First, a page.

by Wes Davis
The epic road trips—and surprising friendship—of John Burroughs, nineteenth-century naturalist, and Henry Ford and Thomas Edison, inventors of the modern age.
In 1913, an unlikely friendship blossomed between Henry Ford and famed naturalist John Burroughs. When their mutual interest in Ralph Waldo Emerson led them to set out in one of Ford’s Model Ts to explore the Transcendentalist’s New England, the trip would prove to be the first of many excursions that would take Ford and Burroughs, together with an enthusiastic Thomas Edison, across America.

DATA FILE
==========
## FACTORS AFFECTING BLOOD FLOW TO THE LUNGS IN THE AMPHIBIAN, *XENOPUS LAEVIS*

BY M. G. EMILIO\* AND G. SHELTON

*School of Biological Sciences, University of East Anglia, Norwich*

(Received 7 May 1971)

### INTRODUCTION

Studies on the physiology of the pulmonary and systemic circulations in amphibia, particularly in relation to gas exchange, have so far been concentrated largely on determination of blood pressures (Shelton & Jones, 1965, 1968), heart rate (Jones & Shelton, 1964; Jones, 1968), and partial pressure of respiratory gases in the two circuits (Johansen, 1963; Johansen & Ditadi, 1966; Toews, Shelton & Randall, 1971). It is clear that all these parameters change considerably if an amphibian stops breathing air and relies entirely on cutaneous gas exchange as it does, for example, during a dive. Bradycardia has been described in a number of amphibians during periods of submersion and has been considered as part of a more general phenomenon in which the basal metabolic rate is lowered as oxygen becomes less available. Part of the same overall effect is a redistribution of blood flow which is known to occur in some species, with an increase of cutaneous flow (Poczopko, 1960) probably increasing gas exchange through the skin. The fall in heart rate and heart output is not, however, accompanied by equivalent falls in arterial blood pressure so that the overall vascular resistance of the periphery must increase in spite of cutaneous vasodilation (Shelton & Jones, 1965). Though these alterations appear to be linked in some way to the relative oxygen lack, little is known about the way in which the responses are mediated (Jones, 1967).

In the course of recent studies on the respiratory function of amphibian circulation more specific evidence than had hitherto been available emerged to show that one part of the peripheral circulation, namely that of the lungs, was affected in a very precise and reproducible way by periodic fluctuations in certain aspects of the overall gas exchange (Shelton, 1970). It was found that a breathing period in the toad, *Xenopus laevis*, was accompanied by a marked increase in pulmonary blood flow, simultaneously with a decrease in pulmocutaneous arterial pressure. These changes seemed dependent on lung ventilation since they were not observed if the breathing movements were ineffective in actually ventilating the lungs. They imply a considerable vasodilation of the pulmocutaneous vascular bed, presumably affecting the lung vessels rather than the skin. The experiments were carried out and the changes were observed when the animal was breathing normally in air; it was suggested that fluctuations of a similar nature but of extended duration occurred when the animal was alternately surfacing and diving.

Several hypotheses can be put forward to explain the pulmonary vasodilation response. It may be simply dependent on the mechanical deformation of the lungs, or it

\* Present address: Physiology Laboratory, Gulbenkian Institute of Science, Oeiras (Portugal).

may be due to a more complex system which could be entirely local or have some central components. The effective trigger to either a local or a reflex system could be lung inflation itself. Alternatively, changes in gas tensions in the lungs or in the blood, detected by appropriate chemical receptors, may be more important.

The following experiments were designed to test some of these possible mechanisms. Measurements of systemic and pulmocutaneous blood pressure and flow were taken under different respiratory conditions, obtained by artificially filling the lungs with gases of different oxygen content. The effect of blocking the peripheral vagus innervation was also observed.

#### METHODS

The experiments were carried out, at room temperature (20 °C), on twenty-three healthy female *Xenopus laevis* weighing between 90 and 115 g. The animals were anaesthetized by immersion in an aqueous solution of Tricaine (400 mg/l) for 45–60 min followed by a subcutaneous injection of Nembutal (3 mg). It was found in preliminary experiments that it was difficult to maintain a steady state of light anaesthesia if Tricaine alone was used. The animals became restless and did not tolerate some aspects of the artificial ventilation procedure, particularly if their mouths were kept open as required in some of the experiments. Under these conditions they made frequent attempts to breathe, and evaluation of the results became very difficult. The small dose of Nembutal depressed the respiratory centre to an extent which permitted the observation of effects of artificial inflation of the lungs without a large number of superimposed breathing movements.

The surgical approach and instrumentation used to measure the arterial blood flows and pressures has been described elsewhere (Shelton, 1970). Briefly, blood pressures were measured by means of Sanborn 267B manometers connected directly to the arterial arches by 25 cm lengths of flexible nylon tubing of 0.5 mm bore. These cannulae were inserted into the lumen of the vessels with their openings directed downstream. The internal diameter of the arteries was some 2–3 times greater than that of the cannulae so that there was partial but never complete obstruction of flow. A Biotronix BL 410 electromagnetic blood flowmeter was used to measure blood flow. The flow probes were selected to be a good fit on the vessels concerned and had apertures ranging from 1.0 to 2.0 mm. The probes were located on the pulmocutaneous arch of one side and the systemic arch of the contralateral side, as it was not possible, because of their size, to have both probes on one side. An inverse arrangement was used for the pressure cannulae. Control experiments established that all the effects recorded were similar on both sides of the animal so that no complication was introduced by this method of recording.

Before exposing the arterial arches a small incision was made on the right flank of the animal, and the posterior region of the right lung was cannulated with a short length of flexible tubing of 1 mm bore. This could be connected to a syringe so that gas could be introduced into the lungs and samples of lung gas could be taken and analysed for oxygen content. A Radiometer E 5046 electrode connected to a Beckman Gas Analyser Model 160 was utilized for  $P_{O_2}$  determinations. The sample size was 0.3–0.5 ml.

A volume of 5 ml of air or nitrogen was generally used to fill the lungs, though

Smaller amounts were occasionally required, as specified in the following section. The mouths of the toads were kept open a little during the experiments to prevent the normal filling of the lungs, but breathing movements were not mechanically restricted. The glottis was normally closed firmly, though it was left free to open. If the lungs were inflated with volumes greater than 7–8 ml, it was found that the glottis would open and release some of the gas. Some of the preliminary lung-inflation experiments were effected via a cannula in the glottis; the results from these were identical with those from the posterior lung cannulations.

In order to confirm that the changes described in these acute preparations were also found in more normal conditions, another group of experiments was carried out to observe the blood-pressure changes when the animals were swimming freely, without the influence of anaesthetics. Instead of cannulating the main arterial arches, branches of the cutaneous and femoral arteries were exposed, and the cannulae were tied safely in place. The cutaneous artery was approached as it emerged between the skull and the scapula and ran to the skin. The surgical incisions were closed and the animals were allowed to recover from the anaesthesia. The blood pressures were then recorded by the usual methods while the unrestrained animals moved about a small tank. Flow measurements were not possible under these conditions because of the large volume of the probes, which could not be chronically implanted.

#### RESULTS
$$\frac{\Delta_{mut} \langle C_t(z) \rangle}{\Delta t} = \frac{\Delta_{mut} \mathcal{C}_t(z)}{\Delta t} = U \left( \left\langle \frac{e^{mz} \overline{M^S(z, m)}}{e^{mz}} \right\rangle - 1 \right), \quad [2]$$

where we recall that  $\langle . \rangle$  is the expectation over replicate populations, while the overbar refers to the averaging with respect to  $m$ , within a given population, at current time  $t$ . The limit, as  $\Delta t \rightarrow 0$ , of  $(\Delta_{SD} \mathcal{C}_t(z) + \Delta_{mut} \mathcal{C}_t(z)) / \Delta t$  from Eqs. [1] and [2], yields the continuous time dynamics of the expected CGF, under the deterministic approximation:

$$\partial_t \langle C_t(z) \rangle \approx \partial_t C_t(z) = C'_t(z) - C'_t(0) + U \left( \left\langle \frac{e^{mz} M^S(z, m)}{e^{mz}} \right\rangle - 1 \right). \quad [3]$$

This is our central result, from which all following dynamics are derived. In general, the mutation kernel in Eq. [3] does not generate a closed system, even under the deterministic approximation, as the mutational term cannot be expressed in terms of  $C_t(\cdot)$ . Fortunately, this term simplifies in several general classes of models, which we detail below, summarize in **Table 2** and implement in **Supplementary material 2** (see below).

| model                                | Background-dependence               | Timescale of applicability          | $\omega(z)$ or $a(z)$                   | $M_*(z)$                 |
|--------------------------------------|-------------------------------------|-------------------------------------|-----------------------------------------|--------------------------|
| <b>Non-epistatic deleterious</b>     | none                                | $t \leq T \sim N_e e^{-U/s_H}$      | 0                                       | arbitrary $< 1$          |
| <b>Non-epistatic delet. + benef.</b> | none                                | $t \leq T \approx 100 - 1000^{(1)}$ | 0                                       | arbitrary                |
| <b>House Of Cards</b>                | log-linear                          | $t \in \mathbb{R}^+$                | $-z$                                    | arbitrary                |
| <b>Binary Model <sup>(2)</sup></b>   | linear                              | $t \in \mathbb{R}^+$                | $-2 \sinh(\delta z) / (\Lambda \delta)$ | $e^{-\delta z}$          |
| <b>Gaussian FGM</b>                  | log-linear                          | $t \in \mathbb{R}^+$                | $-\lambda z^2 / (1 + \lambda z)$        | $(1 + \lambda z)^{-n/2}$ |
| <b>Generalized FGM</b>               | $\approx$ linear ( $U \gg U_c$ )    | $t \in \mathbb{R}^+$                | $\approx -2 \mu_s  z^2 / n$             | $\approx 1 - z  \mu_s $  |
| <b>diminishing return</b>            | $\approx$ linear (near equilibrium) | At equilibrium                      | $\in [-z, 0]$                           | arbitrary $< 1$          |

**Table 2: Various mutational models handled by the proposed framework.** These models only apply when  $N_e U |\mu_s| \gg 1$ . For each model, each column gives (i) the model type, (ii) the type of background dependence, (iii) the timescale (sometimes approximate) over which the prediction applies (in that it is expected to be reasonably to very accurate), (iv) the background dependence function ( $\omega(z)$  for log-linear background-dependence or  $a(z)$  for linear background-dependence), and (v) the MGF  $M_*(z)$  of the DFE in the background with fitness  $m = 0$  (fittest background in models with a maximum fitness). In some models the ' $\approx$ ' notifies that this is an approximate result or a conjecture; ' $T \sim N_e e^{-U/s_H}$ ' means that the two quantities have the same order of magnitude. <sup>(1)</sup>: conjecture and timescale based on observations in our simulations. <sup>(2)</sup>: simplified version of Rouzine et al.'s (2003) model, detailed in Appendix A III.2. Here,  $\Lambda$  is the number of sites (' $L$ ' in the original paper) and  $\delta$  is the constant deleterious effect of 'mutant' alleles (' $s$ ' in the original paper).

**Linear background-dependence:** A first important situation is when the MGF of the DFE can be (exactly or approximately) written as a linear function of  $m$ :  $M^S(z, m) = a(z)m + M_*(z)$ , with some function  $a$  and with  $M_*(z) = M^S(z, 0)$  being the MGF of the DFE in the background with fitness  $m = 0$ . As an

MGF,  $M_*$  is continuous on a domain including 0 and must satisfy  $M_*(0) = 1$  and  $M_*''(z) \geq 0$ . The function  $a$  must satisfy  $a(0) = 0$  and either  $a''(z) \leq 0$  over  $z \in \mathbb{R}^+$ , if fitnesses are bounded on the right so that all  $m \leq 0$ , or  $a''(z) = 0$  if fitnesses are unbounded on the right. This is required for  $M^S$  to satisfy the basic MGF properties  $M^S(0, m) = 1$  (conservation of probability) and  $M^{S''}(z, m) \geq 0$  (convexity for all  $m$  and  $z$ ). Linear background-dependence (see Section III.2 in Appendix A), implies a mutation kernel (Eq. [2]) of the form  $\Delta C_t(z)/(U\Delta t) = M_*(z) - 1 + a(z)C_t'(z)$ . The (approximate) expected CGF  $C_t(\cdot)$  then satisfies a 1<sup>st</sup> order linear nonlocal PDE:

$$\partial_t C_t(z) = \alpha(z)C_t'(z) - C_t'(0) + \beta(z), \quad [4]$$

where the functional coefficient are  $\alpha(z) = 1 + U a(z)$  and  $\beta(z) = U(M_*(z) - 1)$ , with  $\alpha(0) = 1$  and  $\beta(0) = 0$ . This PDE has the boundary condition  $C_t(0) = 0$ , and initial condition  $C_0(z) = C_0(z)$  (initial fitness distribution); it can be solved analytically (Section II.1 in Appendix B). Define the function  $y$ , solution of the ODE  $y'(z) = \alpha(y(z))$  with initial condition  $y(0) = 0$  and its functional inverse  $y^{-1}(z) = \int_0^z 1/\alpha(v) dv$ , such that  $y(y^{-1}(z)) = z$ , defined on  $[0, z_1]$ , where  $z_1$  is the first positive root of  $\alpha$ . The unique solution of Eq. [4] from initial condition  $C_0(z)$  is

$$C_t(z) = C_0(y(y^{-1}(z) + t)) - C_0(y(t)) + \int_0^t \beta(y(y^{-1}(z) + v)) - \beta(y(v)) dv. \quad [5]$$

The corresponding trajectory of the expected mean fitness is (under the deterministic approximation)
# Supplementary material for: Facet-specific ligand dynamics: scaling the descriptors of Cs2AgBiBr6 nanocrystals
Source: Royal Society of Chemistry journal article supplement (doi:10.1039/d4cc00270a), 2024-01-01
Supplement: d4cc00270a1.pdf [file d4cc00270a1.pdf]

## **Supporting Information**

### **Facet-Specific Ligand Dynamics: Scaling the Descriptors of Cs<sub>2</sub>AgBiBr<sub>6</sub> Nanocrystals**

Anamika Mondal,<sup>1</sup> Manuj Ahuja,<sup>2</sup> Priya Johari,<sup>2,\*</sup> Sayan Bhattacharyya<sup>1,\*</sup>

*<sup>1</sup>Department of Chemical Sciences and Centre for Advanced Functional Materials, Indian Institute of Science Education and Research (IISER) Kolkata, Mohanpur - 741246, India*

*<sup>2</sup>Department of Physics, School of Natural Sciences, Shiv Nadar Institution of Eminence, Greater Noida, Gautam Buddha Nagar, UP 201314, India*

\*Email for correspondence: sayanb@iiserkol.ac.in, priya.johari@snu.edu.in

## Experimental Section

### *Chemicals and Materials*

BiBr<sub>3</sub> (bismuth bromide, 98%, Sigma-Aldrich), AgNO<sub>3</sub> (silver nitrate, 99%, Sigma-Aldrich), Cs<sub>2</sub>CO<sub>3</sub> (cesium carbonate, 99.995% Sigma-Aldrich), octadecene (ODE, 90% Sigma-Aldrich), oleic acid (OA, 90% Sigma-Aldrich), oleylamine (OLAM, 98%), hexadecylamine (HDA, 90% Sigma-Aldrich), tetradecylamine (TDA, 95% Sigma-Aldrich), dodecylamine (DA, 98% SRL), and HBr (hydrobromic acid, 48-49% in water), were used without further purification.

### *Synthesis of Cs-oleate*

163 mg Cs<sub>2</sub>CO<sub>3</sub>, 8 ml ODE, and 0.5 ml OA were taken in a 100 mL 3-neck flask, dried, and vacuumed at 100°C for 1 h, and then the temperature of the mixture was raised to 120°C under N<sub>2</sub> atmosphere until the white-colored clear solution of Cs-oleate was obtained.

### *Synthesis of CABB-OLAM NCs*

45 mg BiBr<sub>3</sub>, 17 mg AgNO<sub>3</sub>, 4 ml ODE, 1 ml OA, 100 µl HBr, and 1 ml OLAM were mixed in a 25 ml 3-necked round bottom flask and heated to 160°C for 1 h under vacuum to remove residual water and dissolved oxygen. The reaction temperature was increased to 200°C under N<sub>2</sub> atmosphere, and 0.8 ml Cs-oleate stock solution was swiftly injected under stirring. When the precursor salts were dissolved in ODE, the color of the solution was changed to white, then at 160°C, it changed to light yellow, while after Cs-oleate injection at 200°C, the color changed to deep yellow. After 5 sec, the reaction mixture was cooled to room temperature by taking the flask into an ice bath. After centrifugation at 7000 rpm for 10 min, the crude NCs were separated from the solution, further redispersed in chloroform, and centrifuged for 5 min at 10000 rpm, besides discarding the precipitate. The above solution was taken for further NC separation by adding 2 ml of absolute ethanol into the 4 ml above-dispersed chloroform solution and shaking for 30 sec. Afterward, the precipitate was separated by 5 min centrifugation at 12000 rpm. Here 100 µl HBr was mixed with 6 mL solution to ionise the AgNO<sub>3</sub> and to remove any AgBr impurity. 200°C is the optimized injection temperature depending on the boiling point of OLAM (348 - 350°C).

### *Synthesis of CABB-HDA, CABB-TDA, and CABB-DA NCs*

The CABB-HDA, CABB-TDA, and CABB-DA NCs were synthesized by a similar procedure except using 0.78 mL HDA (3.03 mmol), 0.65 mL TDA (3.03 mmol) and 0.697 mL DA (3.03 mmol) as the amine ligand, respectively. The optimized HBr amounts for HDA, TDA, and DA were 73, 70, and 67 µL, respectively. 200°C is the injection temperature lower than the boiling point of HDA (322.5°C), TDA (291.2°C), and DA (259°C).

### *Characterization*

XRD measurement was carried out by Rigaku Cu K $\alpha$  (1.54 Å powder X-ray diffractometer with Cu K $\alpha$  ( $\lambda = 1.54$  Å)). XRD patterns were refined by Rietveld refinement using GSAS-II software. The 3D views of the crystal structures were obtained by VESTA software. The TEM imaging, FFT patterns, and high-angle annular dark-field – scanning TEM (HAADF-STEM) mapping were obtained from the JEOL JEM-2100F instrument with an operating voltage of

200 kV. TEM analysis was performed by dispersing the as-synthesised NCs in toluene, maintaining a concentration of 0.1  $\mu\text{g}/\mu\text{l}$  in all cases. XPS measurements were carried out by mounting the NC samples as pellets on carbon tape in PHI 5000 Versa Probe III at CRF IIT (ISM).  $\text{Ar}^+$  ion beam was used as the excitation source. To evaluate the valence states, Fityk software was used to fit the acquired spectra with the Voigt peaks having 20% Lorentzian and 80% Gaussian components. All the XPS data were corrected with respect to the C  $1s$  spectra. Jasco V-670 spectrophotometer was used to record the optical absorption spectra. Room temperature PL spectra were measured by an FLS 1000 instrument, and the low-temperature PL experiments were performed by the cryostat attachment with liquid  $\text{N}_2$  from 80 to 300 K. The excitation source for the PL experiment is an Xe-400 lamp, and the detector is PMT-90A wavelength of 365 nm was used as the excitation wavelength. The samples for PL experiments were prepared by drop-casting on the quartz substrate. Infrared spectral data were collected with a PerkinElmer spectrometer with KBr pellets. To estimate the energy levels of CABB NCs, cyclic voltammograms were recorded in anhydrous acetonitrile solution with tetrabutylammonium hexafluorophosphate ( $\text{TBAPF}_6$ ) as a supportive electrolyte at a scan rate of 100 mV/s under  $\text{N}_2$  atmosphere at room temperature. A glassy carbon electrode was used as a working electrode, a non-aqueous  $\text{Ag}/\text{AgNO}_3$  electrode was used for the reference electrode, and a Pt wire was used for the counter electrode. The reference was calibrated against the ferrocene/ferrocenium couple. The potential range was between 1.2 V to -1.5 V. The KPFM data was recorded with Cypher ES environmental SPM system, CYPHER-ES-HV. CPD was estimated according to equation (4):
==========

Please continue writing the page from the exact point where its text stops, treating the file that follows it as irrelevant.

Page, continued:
Their road trips—increasingly ambitious in scope—transported members of the group to the 1915 Panama–Pacific International Exposition in San Francisco, the Adirondacks of New York, and the Green Mountains of Vermont, finally paving the way for a grand 1918 expedition through southern Appalachia. In many ways, their timing could not have been worse. With war raging in Europe and an influenza pandemic that had already claimed thousands of lives abroad beginning to plague the United States, it was an inopportune moment for travel. Nevertheless, each of the men who embarked on the 1918 journey would subsequently point to it as the most memorable vacation of their lives.